|SERMONS, ESSAYS AND OPINIONS||
Anabaptists (Greek ana+baptizo "re-baptizers", German: Wiedertäufer) were and are a Christian denomination that sprung up out of the the Protestant Reformation who believed that baptism was only appropriate for an adult believer. The term "anabaptist" was coined by critics, who objected to the practice of performing baptism for adults whose previous baptism, as infants, the Anabaptists claimed was not valid.
The Schleitheim Confession of 1527 AD outlined the distinctive Anabaptist theology relating to morality and church order, including discussing baptism, the meaning of church and practice of excommunication, pacifism, religious separation from the state and communoin.
Anabaptists teach that only adult believers should be baptized because baptism is purely a symbolic event for a believer to publicly committ to Christ and define entry into the church.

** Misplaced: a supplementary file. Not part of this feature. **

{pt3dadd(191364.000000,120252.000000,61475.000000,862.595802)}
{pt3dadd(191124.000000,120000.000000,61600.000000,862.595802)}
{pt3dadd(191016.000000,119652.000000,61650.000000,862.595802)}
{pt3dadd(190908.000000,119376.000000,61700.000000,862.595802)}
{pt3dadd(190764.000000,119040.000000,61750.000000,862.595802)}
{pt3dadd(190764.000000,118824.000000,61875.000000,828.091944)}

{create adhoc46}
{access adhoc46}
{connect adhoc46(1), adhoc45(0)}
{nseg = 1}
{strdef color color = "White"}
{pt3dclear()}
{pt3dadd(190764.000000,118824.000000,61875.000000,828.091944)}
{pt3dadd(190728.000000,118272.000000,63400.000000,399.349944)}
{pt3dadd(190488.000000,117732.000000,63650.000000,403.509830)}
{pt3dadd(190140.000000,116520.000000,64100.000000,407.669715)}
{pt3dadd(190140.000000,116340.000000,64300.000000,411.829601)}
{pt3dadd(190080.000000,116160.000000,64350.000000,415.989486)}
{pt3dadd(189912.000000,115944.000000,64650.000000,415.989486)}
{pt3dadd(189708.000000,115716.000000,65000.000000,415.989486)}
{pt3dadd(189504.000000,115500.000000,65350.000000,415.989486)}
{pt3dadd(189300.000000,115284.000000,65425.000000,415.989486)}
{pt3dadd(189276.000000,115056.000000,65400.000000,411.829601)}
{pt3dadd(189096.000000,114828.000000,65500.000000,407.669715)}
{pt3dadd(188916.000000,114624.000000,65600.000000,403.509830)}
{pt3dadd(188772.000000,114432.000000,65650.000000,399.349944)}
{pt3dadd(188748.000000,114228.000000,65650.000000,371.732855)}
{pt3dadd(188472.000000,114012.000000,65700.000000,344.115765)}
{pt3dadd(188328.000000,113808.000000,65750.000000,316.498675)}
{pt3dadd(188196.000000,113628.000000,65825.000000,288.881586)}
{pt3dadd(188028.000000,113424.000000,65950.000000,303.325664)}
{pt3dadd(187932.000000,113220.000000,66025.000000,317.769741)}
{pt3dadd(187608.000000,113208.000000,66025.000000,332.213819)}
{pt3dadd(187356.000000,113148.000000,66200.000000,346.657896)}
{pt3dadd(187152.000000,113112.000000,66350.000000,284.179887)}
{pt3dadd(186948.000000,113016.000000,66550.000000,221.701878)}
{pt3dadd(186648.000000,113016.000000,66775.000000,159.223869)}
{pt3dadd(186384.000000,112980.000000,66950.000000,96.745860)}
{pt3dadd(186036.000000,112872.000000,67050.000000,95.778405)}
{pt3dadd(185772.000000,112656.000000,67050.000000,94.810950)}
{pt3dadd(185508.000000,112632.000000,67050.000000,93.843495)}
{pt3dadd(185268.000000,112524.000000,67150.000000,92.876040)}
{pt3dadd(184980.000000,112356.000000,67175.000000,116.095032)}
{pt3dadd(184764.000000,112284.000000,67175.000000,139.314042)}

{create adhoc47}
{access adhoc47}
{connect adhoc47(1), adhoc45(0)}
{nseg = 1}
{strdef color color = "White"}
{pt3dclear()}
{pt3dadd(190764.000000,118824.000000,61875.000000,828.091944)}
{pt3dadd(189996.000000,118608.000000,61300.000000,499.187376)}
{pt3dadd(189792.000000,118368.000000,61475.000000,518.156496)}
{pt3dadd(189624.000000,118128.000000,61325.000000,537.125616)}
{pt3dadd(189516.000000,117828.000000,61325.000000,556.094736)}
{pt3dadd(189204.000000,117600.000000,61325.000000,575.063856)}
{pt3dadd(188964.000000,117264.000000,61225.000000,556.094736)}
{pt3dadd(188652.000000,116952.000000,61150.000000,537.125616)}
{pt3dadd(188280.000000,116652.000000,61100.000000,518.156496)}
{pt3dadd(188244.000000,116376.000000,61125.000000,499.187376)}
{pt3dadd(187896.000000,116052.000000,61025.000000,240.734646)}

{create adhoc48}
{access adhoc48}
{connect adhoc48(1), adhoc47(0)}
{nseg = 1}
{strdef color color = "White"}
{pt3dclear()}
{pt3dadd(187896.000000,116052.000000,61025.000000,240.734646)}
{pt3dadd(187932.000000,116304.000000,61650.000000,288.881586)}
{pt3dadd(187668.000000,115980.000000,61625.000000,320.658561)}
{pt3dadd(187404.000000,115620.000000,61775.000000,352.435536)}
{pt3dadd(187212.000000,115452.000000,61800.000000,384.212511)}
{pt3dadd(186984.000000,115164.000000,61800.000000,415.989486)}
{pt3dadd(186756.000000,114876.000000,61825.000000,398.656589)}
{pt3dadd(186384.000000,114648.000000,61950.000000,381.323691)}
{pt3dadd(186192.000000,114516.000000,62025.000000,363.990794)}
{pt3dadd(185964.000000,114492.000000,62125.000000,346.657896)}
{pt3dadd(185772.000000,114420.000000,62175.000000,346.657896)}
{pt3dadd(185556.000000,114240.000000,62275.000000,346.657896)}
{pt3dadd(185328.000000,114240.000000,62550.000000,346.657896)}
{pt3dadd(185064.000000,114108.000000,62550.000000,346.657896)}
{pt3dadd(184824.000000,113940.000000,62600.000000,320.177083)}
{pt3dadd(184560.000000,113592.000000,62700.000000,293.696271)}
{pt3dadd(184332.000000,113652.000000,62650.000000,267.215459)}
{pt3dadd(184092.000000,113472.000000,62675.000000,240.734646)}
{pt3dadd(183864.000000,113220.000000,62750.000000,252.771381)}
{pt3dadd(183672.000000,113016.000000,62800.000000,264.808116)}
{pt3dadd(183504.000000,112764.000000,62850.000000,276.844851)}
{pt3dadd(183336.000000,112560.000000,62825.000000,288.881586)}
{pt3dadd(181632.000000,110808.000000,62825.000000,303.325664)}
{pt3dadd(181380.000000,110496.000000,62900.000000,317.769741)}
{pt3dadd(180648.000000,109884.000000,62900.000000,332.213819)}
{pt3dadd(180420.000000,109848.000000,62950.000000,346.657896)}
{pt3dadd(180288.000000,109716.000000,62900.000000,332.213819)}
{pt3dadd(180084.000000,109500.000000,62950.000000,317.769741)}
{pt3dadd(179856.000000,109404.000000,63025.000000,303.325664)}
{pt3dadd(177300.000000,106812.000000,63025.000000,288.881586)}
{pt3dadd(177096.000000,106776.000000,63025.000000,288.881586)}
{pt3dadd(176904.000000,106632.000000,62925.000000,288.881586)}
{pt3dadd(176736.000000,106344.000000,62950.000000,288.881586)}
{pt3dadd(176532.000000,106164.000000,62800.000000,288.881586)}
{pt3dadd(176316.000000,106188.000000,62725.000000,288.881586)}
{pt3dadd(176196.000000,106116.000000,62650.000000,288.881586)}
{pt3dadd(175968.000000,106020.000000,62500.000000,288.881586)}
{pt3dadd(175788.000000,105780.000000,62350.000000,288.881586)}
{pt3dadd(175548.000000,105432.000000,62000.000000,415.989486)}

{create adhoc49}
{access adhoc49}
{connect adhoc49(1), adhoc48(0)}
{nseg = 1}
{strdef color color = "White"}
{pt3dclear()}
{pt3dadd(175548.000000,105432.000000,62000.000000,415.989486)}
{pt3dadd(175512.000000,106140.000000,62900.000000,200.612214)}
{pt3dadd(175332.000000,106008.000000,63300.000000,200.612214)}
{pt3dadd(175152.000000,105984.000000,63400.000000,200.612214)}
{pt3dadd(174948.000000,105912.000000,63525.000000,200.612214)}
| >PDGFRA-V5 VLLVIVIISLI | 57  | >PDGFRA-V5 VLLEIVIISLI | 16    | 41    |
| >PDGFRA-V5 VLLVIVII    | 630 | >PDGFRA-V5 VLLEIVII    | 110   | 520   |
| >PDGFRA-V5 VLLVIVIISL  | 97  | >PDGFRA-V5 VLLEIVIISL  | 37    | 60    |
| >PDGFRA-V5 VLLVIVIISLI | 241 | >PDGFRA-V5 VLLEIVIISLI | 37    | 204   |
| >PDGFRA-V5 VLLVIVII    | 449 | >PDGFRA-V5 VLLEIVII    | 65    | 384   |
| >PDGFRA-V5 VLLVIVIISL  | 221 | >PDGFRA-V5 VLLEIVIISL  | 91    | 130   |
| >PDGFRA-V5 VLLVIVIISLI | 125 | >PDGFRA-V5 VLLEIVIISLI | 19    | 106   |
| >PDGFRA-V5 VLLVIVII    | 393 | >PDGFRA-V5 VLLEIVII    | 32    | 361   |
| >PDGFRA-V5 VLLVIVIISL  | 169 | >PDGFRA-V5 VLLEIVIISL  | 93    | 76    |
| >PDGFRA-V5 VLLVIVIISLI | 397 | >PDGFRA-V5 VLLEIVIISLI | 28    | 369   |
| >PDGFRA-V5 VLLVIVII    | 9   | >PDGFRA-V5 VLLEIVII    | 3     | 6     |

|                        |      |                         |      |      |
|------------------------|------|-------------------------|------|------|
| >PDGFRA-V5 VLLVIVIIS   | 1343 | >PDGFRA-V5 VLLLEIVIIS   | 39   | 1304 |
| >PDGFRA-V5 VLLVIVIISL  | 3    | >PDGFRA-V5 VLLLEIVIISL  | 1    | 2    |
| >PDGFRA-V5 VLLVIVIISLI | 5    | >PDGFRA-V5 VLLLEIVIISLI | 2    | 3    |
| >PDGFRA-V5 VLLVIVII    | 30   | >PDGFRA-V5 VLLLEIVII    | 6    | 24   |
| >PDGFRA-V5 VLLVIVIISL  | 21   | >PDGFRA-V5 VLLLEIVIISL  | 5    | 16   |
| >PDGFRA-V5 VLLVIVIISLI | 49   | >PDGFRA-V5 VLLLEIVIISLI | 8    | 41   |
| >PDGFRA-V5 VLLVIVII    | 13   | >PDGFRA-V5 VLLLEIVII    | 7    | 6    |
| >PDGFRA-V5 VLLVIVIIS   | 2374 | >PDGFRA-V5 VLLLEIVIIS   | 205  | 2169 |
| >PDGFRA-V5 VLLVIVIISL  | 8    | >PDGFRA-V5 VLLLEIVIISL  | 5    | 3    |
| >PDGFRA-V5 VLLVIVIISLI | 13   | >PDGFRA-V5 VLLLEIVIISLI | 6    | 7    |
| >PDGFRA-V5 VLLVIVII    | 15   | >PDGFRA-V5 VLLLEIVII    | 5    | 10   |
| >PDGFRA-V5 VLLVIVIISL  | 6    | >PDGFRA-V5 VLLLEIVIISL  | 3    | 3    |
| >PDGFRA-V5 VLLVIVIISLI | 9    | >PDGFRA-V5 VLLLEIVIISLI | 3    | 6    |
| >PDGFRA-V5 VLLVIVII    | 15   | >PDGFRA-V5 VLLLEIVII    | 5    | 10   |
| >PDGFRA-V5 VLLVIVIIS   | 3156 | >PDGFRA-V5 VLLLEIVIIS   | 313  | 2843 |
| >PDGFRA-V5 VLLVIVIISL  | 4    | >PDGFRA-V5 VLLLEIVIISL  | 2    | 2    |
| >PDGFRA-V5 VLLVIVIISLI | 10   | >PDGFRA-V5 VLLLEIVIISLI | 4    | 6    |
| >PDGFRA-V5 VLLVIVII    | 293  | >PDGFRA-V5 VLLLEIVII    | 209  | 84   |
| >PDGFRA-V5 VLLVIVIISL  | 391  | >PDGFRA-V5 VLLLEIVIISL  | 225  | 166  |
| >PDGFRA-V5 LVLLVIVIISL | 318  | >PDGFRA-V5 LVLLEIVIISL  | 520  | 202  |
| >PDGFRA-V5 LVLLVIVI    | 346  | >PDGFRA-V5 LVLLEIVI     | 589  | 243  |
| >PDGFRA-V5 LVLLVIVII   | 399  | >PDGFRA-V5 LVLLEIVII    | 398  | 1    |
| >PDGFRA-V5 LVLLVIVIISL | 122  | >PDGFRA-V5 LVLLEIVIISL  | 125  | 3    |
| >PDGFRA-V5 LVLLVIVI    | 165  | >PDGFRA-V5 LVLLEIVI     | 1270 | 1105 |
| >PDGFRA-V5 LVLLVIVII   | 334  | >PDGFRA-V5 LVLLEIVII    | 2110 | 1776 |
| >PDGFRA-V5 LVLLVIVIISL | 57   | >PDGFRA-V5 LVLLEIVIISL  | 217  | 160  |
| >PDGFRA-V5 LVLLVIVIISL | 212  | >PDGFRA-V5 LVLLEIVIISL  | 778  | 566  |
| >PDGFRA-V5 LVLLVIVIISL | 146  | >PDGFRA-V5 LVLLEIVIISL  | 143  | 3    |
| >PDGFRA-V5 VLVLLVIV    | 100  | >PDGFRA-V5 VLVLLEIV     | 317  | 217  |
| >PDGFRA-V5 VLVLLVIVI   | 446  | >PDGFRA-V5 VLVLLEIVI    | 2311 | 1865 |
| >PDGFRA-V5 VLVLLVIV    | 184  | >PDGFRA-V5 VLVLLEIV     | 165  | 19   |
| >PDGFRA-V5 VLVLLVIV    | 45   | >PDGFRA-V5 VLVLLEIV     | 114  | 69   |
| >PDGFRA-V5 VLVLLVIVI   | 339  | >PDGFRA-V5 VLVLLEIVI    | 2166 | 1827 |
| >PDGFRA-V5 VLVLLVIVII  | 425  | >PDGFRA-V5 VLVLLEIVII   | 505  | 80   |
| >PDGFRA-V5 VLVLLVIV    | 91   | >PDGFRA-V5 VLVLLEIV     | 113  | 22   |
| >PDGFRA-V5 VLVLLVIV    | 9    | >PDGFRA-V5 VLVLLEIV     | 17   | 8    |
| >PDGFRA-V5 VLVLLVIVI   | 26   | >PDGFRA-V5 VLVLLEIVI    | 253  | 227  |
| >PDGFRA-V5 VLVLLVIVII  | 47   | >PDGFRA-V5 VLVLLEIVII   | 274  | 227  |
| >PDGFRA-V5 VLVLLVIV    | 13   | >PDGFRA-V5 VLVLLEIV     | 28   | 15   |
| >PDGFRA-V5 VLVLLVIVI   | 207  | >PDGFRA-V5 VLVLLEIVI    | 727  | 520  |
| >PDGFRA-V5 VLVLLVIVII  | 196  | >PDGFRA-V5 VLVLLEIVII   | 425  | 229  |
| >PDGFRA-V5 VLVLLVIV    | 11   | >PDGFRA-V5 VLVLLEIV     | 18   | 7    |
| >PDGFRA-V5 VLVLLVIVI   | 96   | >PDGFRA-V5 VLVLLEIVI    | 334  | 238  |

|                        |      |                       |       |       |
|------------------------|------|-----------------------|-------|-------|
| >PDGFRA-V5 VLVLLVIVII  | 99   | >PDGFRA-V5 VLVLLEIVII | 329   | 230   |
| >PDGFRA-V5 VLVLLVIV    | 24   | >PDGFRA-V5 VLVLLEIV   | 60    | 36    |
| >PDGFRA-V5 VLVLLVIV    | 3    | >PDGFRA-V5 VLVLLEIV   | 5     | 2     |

Anabaptists believe that the church is simply the gathered society of saints (Christian believers). This implies a new set of values exist for the believers, who need to to live in literal obedience to God's teachings such as those on the Sermon on the Mount. If a person within the church lives an immoral life then he or she should be banned or excommunicated from the community.
Anabaptists are pacifists. This was a factor in them being unpopular with German and Swiss rulers who needed armies to protect from invading forces.
Separation from the State
Anabaptists traditionally have believed that they should have no part in the state or government or military. This was a factor in them being unpopular with the authorities of Europe.
Communion, according to Anabaptist theology, is simply a physical act performed in memory of Christ's death. As such they do not agree with the doctrines of transubstantiation or consubstantiation. Because Communion is a memorial of the meaning of Christ's death, Anabaptists believe that only adults who are baptized believers should part-take in it.